How many toenails have you lost from running?
I am still on zero.
I know lots of newbie runners are a bit scared of suffering this affliction, and it can put you off wanting to try for longer distances in case it should happen to you.
So with that fear in mind I thought I’d write a post about how you can avoid black toenails and what you should do should you get one.
How do you get them?
Black toenails are caused by trauma and results in a collection of blood under the nail.
Most of the pressure that contributes to black toenails is caused by the relentless action of the foot coming forwards, the thousands of times every run you take.
Every time your foot swings forward a little extra blood is pushed into the toe region due to the force of the foot coming forward. If you increase your distances regularly, and gradually, your toes will adjust.
Running in summer is also likely to increase your chances, so now is the perfect time to check that you are doing the right things.
When it’s warm your feet swell more than you would in winter. Because there is more pressure, and more fluid, more black toenails occur in the summer months (particularly noticeable if you are training for an autumn marathon).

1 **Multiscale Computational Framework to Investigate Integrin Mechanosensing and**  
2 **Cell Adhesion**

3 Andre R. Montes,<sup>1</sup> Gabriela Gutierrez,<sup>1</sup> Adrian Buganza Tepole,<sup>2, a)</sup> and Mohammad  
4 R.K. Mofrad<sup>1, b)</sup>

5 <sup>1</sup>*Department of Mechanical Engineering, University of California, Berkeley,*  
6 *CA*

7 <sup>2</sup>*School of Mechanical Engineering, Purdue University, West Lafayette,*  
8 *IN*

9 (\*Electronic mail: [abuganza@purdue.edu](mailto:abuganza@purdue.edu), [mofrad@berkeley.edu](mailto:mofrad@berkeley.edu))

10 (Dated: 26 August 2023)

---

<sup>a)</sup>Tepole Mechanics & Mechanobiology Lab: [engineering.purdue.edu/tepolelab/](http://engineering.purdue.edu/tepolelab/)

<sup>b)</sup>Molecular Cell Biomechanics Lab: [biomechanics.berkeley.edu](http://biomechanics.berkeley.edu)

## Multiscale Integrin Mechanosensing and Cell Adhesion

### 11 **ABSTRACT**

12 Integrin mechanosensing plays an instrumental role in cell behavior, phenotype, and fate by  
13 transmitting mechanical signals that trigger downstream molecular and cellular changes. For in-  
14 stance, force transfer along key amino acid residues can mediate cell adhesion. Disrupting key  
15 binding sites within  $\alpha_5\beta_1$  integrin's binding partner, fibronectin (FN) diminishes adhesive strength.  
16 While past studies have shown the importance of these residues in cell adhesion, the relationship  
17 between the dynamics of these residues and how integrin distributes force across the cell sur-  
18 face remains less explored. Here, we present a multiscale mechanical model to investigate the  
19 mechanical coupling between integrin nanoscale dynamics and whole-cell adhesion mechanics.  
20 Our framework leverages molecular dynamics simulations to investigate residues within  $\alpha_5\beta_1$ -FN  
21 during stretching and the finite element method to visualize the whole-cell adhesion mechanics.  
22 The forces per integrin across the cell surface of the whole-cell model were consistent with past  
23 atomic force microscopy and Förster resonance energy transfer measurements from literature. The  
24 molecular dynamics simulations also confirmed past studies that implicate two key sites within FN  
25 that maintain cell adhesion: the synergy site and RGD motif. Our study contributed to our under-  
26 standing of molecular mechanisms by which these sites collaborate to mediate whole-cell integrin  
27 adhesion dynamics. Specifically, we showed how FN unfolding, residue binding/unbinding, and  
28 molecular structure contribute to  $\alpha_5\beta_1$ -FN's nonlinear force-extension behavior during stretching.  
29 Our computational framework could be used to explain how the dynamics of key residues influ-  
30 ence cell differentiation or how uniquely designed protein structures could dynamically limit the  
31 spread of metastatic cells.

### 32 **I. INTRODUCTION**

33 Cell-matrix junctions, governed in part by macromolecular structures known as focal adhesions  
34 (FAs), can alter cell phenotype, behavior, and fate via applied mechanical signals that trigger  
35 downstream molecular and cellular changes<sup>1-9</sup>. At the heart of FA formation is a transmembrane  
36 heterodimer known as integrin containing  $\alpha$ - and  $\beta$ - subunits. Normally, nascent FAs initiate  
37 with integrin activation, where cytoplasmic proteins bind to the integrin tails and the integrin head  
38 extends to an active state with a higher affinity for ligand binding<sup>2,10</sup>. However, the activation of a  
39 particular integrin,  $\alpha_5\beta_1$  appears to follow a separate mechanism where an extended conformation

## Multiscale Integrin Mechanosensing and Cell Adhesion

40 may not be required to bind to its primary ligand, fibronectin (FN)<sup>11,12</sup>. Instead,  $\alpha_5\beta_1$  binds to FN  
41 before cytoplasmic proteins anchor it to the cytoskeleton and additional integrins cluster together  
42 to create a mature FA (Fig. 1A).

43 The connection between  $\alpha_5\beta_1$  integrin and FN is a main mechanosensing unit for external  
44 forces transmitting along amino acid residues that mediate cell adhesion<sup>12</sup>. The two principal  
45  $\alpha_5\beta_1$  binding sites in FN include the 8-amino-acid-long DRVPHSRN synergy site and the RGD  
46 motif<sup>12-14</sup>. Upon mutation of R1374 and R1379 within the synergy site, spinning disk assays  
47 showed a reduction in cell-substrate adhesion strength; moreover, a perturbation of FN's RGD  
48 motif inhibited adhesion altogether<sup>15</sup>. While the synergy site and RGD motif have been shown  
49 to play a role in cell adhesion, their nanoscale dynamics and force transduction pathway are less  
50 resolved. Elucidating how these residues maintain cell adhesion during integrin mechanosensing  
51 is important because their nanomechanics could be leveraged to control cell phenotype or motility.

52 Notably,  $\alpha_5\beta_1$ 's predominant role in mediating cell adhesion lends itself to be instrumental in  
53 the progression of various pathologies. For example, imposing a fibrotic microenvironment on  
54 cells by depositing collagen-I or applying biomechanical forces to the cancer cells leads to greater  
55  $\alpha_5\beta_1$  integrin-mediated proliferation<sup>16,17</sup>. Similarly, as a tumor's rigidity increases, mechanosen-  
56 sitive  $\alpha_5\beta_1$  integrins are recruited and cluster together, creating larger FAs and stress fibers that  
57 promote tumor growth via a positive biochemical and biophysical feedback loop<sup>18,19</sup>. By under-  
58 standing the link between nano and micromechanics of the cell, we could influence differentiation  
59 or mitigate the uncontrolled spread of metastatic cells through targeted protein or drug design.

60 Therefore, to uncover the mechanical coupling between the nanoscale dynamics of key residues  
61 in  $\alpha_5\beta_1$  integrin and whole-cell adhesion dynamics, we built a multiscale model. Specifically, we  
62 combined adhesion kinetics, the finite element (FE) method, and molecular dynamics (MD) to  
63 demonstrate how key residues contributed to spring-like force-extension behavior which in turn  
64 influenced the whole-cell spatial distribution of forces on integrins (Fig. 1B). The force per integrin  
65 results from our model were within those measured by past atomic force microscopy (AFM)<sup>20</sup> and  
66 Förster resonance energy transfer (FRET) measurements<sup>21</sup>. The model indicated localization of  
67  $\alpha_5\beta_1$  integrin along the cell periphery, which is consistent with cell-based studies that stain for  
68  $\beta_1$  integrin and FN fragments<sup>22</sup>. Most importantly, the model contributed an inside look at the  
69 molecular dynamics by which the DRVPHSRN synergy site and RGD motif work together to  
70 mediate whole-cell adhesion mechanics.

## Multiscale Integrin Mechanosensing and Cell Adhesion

The best thing you can do is make sure there is enough room in your shoe’s toebox.
You need about an extra centimetre when you’re standing up in your shoes (standing up makes sure your toes are as far forward as they will go).
This will mean you will likely end up buying running shoes in a size larger than your normal shoes.
When you add that extra room make sure that the arch of the shoe matches your foot’s arch.
Before you buy a new pair of running shoes go for a little run – ideally your shoe shop will have a treadmill or at least enough space to try the shoes out.
When you run make sure that your foot doesn’t slide forward as you run, this can aggravate the toe more than a small toebox.
But what if you still get one?
Often the nail comes loose and will fall off on its own within days of the race due to the blood collection causing it to separate from the nailbed. The nail will regenerate on its own.
If this is not painful and there are no signs of infection, such as pus, a smell or a fever, then you might not need to see a doctor. When the nail regrows it may not be the same due to the trauma suffered.
If there is discolouration to more than 25 percent of your toenail then seek medical attention straight away as the nail bed may be lacerated or there may be exposed bone under the nail. If left untreated this can lead to a bone infection.
If you are in any pain then seek medical advice.